8. Black Walnut Erineum Mite galls, Eriophyes erinea
9. Black Walnut Tree, Juglans nigra
10. Blue Dasher Dragonfly, Pachydiplax longipennis
11. Blue Elderberry, Sambucus nigra cerulea
12. Box Elder Tree, Acer negundo
13. Broadleaf Cattail, Bullrush, Typha latifolia
14. Bull Thistle, Cirsium vulgare
15. Burrowing Owl, Athene cunicularia
16. Cabbage White Butterfly, Pieris rapae
17. Cackling Goose, Branta hutchinsii
18. California Buckeye Chestnut, Aesculus californica
19. California Ground Squirrel, Otospermophilus beecheyi
20. California Pipevine Swallowtail butterfly, Battus philenor hirsuta
21. California Scrub Jay, Aphelocoma californica
22. California Wild Grape, Vitis californica
23. California Wild Rose, Rosa californica
24. Canada Goose, Branta canadensis
25. Cliff Swallow, Petrochelidon pyrrhonota
26. Cloudless Sulphur Butterfly, Phoebis sennae
27. Common Buckeye Butterfly, Junonia coenia
28. Common Green Lacewing, Chrysoperla carnea (“Lion” nymph)
29. Common Merganser, Mergus merganser
30. Convoluted Gall Wasp, Andricus confertus
31. Cottonwood, Fremont Cottonwood, Populus fremontii
32. English Plantain, Ribwort, Plantago lanceolata
33. English Walnut, Juglans regia
34. Familiar Bluet Damselfly, Enallagma civile
35. Flame Skimmer Dragonfly, Libellula saturate
36. Gray Pine, California Foothill Pine, Pinus sabiniana
37. Himalayan Blackberry, Rubus armeniacus
38. House Sparrow, Passer domesticus
39. Indian Peafowl, Pavo cristatus
40. Interior Live Oak, Quercus wislizeni
41. Jumping Oak Galls, Neuroterus saltatorius
42. Jumping Spider, Phidippus sp.
43. Leaf Gall Wasp, Unidentified
44. Lorquin’s Admiral Butterfly, Limenitis lorquini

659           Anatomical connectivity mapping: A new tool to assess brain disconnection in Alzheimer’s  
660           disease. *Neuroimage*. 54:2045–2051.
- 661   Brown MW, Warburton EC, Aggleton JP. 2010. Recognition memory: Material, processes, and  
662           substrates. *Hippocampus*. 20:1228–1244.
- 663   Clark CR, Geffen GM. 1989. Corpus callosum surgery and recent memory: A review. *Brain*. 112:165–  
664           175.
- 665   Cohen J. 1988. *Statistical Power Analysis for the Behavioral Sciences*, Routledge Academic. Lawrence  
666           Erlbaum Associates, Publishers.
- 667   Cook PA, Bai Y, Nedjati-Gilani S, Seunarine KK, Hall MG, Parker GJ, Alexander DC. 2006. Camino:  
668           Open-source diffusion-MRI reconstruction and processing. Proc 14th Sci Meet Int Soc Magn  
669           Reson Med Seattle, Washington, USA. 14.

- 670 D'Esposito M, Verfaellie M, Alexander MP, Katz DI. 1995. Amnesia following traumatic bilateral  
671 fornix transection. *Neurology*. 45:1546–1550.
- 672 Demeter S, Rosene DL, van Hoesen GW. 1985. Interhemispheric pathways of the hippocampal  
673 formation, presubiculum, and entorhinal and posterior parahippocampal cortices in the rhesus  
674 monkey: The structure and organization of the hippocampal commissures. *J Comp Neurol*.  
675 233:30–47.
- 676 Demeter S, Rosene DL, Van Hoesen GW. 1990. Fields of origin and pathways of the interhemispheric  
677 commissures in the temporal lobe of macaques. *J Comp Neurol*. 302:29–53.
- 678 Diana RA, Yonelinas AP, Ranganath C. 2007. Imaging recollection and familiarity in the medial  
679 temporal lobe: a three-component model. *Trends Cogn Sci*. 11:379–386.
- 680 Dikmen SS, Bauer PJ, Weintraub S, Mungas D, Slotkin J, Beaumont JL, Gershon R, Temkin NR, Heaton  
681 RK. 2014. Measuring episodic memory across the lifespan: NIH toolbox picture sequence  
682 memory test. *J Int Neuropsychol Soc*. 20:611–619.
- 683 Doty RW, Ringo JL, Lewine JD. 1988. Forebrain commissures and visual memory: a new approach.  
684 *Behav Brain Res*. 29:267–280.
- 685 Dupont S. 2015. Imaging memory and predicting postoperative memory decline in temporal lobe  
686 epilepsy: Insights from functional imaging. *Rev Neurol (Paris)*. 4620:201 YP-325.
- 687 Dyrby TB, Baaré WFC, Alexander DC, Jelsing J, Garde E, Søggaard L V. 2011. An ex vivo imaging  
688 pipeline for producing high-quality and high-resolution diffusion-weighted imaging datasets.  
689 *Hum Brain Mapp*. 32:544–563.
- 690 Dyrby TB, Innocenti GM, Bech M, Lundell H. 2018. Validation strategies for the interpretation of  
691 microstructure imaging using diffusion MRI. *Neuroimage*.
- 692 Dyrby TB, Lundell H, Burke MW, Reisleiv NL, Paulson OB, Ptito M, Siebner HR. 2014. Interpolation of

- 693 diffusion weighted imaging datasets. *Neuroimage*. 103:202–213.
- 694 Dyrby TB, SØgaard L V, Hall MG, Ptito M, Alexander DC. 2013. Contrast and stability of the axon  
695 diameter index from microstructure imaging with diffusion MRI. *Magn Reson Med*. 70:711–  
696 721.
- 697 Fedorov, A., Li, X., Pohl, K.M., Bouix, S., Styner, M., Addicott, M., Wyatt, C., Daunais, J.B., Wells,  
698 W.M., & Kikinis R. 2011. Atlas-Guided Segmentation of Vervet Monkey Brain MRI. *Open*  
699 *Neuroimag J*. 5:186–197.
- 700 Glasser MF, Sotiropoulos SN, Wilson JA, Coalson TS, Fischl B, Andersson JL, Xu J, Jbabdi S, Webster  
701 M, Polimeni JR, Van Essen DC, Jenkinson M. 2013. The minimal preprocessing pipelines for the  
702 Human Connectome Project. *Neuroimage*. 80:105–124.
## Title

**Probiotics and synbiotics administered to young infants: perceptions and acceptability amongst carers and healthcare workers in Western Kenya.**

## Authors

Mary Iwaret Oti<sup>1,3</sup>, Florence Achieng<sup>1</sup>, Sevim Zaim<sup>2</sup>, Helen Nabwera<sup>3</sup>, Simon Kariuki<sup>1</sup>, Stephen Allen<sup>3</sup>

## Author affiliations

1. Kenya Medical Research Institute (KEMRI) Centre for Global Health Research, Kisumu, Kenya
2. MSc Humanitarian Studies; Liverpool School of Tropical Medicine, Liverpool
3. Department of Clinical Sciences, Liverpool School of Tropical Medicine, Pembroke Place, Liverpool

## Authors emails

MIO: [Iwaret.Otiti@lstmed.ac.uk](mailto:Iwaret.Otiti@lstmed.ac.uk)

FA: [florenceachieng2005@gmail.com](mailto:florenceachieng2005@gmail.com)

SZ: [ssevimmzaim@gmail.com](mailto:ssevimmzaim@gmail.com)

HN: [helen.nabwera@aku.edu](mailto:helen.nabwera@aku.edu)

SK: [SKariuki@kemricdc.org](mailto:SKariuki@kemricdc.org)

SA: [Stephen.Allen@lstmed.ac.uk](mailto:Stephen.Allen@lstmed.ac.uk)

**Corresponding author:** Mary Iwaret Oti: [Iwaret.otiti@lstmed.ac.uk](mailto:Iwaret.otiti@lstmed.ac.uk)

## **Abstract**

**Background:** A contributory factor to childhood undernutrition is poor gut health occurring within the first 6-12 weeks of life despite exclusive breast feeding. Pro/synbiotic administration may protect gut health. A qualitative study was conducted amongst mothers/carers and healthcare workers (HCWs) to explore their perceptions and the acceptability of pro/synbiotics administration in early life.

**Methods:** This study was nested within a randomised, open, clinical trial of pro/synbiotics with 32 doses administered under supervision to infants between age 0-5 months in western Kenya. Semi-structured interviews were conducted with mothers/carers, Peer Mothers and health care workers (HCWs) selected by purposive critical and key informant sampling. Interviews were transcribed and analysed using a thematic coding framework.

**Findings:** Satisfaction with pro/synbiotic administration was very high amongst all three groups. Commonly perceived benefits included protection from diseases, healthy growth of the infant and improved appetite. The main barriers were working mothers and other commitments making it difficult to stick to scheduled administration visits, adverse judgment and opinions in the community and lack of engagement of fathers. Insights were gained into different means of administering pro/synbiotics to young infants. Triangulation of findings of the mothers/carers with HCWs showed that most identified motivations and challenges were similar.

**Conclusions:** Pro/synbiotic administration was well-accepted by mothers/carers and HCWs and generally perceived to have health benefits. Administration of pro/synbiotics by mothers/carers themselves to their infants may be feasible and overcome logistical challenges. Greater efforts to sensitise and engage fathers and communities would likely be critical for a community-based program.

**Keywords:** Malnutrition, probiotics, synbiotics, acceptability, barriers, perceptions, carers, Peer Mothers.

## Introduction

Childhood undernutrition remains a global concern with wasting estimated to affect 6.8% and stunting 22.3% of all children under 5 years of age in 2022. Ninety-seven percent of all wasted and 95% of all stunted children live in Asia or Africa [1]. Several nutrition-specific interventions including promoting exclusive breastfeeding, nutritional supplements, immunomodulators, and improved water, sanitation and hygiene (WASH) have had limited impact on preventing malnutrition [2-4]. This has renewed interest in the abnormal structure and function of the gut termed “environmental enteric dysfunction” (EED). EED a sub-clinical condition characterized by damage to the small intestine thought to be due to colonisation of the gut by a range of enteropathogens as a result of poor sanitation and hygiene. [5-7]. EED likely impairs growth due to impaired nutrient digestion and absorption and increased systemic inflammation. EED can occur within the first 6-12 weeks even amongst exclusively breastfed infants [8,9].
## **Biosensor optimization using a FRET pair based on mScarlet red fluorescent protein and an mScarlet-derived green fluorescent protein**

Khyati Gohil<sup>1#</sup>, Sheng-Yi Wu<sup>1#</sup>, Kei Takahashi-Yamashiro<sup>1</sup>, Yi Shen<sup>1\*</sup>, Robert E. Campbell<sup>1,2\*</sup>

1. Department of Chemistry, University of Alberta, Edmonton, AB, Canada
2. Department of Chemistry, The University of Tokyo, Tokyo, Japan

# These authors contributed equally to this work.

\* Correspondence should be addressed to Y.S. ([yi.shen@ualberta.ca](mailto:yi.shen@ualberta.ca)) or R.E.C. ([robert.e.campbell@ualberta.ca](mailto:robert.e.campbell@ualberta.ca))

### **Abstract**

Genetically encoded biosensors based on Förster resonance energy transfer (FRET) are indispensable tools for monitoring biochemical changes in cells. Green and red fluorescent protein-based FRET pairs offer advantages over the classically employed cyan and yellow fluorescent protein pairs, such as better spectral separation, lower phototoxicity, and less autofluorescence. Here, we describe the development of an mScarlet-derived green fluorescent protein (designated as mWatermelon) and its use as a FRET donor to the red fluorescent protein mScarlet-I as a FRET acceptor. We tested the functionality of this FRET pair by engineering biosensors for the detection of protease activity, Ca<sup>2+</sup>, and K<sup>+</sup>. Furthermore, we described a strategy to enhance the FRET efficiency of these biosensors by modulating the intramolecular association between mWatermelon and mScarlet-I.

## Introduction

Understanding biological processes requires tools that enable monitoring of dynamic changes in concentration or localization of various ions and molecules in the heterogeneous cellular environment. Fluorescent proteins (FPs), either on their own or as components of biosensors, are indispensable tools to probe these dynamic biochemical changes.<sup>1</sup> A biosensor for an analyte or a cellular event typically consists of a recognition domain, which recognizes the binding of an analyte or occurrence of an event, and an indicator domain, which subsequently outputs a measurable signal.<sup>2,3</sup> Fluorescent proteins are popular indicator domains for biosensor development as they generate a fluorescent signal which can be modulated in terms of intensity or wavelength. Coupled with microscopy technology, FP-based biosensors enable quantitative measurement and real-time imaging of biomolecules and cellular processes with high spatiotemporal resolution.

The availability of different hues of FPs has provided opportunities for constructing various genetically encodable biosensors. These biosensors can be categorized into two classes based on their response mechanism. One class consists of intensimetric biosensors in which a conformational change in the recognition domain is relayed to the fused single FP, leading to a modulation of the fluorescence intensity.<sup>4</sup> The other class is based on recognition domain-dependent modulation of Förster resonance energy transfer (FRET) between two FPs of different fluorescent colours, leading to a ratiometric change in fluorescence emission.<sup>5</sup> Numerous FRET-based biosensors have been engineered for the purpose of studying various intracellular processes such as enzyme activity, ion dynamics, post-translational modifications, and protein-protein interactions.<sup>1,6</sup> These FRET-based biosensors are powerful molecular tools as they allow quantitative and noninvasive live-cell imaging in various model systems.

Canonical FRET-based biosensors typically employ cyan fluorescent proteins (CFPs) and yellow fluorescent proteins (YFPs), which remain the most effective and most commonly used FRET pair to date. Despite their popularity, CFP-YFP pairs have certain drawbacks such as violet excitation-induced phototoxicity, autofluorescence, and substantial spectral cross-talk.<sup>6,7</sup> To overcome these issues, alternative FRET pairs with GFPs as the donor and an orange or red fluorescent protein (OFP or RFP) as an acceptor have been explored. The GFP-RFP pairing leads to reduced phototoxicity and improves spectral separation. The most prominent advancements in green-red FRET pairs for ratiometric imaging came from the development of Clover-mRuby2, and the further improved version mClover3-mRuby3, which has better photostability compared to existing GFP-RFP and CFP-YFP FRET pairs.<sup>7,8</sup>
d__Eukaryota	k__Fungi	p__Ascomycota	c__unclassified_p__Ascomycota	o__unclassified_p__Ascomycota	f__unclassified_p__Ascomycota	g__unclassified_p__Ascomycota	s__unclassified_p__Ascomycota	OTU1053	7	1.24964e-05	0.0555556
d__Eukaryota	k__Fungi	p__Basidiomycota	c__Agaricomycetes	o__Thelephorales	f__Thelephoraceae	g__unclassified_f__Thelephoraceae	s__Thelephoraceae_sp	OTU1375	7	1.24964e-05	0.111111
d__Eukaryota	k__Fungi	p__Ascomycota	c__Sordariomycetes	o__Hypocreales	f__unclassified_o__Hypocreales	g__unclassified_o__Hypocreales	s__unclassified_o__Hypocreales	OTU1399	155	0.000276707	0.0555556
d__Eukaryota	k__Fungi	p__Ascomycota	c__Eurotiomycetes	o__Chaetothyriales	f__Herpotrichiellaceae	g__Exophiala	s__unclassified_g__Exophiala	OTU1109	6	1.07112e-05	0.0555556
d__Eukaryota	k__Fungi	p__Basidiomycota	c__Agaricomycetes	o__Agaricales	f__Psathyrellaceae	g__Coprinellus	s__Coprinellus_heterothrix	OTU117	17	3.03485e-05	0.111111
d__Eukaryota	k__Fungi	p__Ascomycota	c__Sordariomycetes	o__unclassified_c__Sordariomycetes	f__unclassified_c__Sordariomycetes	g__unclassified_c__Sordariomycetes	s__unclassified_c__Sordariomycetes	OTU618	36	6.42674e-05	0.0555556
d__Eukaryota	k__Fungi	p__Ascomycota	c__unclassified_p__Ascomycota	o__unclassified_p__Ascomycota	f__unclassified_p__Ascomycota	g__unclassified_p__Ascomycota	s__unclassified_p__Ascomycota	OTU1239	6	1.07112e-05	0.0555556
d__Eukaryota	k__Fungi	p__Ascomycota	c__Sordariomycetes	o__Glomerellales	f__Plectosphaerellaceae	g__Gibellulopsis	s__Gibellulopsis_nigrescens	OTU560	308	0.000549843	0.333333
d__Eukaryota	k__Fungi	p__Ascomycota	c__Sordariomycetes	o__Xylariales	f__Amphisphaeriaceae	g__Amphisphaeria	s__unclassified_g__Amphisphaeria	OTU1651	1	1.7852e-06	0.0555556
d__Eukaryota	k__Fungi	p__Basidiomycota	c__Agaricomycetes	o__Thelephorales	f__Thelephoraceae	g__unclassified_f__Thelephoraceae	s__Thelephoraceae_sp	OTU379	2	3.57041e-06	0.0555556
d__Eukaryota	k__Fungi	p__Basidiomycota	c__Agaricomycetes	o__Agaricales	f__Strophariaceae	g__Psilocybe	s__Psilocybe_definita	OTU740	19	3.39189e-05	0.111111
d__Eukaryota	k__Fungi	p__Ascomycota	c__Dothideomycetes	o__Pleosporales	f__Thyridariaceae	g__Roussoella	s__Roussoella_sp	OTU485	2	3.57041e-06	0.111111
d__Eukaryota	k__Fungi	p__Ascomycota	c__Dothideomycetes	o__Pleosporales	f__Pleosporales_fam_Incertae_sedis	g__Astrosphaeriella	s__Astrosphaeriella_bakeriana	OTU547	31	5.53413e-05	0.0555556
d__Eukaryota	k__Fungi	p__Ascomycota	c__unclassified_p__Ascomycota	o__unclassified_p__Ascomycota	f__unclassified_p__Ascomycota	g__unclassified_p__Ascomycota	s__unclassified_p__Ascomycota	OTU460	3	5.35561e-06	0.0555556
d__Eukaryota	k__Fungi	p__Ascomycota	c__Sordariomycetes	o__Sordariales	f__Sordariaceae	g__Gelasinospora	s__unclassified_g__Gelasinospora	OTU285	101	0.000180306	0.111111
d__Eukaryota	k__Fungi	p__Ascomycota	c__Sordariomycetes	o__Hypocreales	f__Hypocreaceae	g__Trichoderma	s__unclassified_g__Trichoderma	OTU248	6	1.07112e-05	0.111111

45. Minnow, Phoxinus phoxinus
46. Mistletoe, American Mistletoe, Big Leaf Mistletoe, Phoradendron leucarpum
47. Northern Leopard Frog, Lithobates pipiens
48. Oak Apple Gall Wasp, Andricus quercuscalifornicus
49. Oregon Ash, Fraxinus latifolia
50. Pacific Forktail Damselfly, Ischnura cervula (immature gynomorphic female)
51. Pacific Poison Oak, Toxicodendron diversilobum
52. Poison Hemlock, Conium maculatum
53. Red Cone Gall Wasp, Andricus kingi
54. Red-Tailed Hawk, Buteo jamaicensis
55. River Otter, North American River Otter, Lontra canadensis
56. Rust Fungus on Boxelder, Puccinia sp.
57. Spiny Turban Gall Wasp, Antron douglasii
58. Swainson’s Hawk, Buteo swainsoni
59. Toyon, Heteromeles arbutifolia
60. Tule, Common Tule, Schoenoplectus acutus
61. Valley Oak, Quercus lobata
62. Variable Flatsedge, Cyperus difformis,
63. Western Bluebird, Sialia mexicana
64. Western Fence Lizard, Blue Belly, Sceloporus occidentalis
65. Western Pondhawk, Erythemis collocata
66. Western Redbud, Cercis occidentalis
67. Western Tiger Swallowtail Butterfly, Papilio rutulus
68. White Alder, Alnus rhombifolia
69. Widow Skimmer Dragonfly, Libellula luctuosa
70. Yellow Wig Gall Wasp, Andricus fullawayi

Travels of a Certified California Naturalist